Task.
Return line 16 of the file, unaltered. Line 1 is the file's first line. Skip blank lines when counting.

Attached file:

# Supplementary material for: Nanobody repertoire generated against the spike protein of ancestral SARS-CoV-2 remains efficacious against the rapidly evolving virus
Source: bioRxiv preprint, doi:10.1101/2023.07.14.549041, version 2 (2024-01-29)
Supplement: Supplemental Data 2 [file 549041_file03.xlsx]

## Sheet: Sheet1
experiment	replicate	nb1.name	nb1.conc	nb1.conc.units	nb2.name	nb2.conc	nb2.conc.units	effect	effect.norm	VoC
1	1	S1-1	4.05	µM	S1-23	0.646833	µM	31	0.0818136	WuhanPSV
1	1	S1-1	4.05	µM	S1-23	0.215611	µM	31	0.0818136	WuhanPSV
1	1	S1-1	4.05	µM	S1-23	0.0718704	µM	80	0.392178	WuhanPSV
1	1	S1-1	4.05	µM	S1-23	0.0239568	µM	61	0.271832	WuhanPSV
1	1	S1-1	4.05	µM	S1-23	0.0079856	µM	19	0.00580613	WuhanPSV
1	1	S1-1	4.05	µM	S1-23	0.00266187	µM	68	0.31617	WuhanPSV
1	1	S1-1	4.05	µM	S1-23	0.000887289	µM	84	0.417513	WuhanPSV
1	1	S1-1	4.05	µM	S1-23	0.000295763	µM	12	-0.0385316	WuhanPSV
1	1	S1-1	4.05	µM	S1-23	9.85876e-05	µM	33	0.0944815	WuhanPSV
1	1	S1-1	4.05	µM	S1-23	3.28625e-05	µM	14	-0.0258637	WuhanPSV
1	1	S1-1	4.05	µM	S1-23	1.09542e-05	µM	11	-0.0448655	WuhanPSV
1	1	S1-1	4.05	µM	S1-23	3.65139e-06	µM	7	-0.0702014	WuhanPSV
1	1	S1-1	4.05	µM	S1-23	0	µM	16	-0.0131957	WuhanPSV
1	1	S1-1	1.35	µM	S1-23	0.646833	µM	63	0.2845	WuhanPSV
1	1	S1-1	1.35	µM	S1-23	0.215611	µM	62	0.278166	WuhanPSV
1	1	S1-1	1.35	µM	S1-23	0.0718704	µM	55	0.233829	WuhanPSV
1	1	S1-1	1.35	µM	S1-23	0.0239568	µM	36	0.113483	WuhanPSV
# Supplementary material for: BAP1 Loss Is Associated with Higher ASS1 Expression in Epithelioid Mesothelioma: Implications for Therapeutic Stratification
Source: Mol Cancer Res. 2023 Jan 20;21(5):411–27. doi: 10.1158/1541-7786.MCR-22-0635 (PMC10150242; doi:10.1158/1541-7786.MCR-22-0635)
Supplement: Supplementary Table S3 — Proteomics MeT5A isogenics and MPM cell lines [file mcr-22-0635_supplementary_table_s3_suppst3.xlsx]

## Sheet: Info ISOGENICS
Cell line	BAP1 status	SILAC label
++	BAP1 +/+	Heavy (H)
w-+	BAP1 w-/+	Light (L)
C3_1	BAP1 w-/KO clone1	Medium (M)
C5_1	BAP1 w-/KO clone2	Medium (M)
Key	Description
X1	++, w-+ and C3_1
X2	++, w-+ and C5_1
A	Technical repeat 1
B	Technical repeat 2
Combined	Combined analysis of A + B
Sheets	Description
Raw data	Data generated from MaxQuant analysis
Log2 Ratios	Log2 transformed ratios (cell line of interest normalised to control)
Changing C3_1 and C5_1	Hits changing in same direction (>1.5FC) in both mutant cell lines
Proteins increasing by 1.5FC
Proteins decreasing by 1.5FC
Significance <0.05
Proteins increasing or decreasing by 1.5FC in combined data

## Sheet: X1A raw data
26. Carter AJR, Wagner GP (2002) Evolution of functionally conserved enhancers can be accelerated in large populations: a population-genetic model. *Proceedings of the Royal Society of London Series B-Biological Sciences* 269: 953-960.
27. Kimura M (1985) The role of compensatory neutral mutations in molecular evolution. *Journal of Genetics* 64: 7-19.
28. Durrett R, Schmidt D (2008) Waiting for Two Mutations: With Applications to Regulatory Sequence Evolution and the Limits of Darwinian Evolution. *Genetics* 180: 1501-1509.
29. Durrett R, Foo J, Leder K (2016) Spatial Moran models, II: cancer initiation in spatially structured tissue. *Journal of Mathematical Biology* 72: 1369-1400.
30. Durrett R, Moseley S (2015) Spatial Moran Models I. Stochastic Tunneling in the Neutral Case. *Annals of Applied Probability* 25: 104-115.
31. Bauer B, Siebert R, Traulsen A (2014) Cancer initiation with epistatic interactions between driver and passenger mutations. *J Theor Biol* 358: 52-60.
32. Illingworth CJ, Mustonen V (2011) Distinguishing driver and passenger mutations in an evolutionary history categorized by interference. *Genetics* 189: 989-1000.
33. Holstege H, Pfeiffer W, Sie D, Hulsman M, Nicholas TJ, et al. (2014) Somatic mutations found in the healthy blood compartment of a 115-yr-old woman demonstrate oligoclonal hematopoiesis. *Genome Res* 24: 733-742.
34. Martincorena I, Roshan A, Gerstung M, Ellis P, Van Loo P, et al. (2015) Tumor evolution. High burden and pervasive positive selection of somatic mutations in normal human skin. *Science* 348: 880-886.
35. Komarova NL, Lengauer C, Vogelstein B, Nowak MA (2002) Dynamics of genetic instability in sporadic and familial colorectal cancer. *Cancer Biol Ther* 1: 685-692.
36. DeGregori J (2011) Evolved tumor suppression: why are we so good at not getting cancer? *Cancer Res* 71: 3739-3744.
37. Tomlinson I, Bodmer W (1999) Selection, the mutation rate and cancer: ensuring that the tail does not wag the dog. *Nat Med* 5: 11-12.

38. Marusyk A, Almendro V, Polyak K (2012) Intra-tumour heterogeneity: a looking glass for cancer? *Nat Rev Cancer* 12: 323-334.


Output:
1	1	S1-1	4.05	µM	S1-23	1.09542e-05	µM	11	-0.0448655	WuhanPSV